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Why do we love pets? An expert explains.


Ours is a pet-loving culture. Researchers spend a lot of time exploring what has become known as “human-animal interactions,” and the pet industry spends a lot of money promoting what it prefers to call the “human-animal bond.” But that concept might have been laughable a century ago, when animals served a more utilitarian role in our lives. And it was “deeply unfashionable” among scholars as recently as the 1980s, as John Bradshaw writes in his new book, “The Animals Among Us: How Pets Make Us Human.”

Bradshaw, an honorary research fellow at the University of Bristol in England, would know. He was trained as a biologist — one who began by studying animals, not people, and not their relationship. But he says his work on dog and cat behavior led him to conclude that he would never fully understand those topics without also considering how humans think about their animals. In 1990, he and a small group of other researchers who studied pet ownership coined a term for their field: anthrozoology. Today, university students at a few dozen U.S. universities study the topic he helped pioneer. In his latest book, Bradshaw argues that our fascination with pets is not because they’re useful, nor even because they’re cute, and certainly not because they’ll make us live longer. Instead, he writes, pet-keeping is an intrinsic part of human nature, one rooted deeply in our own species’ evolution. I spoke with him recently about his conclusions.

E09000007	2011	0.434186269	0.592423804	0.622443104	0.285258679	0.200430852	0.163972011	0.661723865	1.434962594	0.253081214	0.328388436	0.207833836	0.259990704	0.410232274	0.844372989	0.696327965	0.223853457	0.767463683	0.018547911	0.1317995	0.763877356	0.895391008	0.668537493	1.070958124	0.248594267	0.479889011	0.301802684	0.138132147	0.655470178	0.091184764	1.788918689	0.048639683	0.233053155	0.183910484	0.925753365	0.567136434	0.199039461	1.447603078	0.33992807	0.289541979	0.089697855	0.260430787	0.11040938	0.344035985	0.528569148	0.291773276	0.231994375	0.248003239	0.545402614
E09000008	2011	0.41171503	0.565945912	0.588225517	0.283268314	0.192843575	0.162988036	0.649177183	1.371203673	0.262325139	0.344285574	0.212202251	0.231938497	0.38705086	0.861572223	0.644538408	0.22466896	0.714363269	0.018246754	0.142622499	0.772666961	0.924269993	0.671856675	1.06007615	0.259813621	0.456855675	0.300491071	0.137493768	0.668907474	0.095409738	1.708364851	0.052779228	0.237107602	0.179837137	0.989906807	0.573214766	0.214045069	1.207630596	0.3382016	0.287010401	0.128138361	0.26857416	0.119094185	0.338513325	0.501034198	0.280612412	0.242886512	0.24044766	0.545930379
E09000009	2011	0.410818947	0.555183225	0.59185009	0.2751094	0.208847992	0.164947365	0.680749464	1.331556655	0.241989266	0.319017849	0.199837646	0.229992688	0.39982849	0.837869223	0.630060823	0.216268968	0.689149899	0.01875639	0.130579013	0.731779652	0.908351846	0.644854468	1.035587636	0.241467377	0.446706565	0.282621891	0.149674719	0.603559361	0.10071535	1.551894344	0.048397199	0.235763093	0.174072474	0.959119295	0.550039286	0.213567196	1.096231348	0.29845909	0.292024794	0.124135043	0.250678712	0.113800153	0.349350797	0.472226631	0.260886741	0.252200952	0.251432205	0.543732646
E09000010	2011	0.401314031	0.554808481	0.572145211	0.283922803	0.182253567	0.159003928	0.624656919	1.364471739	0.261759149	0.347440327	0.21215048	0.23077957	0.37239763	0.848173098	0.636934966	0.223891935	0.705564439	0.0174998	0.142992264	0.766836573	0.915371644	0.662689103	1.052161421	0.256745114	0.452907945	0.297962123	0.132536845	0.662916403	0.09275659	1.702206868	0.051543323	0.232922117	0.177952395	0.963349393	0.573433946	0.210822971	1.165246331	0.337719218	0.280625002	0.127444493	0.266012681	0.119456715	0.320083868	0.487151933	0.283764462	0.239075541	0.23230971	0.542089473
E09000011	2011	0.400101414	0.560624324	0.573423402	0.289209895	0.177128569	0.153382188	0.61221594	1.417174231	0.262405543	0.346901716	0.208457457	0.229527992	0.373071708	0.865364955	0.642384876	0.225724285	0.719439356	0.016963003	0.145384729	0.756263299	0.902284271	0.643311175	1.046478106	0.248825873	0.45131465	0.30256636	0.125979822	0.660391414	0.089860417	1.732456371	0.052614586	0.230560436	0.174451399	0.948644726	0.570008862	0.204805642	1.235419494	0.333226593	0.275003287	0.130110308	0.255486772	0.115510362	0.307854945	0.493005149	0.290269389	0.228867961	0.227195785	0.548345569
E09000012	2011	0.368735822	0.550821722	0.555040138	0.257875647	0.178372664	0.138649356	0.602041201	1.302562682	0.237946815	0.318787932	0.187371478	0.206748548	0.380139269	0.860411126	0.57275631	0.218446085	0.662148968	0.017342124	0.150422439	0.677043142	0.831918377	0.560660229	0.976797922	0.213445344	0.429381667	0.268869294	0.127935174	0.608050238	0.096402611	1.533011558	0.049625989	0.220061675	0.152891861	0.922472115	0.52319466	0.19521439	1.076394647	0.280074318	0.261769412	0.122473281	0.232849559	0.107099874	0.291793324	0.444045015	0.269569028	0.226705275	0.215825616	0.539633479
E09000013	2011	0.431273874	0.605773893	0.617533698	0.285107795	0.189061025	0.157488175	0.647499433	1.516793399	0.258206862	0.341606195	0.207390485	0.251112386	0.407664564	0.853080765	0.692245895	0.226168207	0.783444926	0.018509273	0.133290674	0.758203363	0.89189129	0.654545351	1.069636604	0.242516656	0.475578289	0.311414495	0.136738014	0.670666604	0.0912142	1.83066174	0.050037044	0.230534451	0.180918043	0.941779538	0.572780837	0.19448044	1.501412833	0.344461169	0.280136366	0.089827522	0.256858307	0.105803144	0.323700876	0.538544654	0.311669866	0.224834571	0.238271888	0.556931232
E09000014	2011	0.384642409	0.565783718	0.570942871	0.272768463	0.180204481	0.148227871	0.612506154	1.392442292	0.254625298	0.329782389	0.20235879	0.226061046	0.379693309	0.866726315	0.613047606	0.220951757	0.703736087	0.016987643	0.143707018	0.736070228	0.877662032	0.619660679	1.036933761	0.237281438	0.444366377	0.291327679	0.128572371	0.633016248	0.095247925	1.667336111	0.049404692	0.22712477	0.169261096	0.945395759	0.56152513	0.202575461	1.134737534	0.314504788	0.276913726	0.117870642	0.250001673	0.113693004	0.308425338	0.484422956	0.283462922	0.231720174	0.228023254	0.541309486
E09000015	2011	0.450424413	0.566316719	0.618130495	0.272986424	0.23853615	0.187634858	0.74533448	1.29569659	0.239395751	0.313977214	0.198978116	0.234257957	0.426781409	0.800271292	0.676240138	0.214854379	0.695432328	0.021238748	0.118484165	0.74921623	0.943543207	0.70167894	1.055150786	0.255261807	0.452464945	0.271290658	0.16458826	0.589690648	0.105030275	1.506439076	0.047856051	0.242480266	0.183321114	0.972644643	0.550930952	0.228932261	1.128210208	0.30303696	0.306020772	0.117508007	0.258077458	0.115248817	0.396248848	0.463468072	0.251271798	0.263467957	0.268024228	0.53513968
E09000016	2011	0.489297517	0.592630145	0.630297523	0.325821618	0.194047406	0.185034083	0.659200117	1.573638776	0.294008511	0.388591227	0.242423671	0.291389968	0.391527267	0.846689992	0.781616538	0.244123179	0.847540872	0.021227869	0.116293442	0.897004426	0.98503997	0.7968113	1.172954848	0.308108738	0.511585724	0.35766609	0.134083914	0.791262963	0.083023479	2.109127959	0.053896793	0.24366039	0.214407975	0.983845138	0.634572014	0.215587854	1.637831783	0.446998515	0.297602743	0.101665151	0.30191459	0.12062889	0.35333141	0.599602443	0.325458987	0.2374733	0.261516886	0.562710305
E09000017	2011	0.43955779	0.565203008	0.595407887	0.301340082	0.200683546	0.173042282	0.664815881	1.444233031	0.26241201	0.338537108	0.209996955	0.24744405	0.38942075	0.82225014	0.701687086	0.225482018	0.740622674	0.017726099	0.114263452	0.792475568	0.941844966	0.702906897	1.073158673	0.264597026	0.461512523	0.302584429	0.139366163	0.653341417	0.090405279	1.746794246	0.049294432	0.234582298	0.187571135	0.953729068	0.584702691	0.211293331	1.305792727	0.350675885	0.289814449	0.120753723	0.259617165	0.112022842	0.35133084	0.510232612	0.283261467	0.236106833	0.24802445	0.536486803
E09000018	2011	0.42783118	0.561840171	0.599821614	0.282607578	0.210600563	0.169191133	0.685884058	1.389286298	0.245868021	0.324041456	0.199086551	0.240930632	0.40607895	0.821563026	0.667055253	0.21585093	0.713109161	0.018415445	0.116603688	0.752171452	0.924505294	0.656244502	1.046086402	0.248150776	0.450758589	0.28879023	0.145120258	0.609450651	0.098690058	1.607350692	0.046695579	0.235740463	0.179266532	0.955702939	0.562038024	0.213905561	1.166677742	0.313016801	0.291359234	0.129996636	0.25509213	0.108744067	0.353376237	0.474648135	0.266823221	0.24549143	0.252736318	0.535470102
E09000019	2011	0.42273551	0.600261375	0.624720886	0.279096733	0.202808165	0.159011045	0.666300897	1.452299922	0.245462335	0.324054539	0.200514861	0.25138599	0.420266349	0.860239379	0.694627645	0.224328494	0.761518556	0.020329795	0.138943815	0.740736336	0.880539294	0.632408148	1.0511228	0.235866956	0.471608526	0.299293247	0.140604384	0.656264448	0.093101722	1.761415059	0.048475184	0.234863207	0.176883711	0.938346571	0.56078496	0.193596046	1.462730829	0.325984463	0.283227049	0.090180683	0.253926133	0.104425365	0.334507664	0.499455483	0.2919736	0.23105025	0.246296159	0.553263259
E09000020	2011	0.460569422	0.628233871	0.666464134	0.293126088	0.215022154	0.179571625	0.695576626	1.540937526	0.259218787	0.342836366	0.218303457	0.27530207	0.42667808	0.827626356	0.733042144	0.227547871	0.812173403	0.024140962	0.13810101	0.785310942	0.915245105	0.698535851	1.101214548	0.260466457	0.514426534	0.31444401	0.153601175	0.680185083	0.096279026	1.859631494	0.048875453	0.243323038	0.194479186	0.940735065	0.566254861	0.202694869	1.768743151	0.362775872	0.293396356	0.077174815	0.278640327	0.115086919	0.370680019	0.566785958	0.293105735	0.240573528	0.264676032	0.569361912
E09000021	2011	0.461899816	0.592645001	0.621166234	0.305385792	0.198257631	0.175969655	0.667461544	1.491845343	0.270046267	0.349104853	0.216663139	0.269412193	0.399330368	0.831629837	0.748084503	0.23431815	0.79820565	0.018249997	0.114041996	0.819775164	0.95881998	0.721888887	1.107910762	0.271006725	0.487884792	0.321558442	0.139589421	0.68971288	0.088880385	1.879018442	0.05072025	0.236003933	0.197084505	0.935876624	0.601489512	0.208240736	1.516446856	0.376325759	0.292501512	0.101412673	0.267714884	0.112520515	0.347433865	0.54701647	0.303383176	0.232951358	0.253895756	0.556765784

Ours is a pet-loving culture. Researchers spend a lot of time exploring what has become known as “human-animal interactions,” and the pet industry spends a lot of money promoting what it prefers to call the “human-animal bond.” But that concept might have been laughable a century ago, when animals served a more utilitarian role in our lives. And it was “deeply unfashionable” among scholars as recently as the 1980s, as John Bradshaw writes in his new book, “The Animals Among Us: How Pets Make Us Human.”

Bradshaw, an honorary research fellow at the University of Bristol in England, would know. He was trained as a biologist — one who began by studying animals, not people, and not their relationship. But he says his work on dog and cat behavior led him to conclude that he would never fully understand those topics without also considering how humans think about their animals. In 1990, he and a small group of other researchers who studied pet ownership coined a term for their field: anthrozoology. Today, university students at a few dozen U.S. universities study the topic he helped pioneer. In his latest book, Bradshaw argues that our fascination with pets is not because they’re useful, nor even because they’re cute, and certainly not because they’ll make us live longer. Instead, he writes, pet-keeping is an intrinsic part of human nature, one rooted deeply in our own species’ evolution. I spoke with him recently about his conclusions.


Why is there such a mismatch in public perception about pets as a panacea and the evidence for it?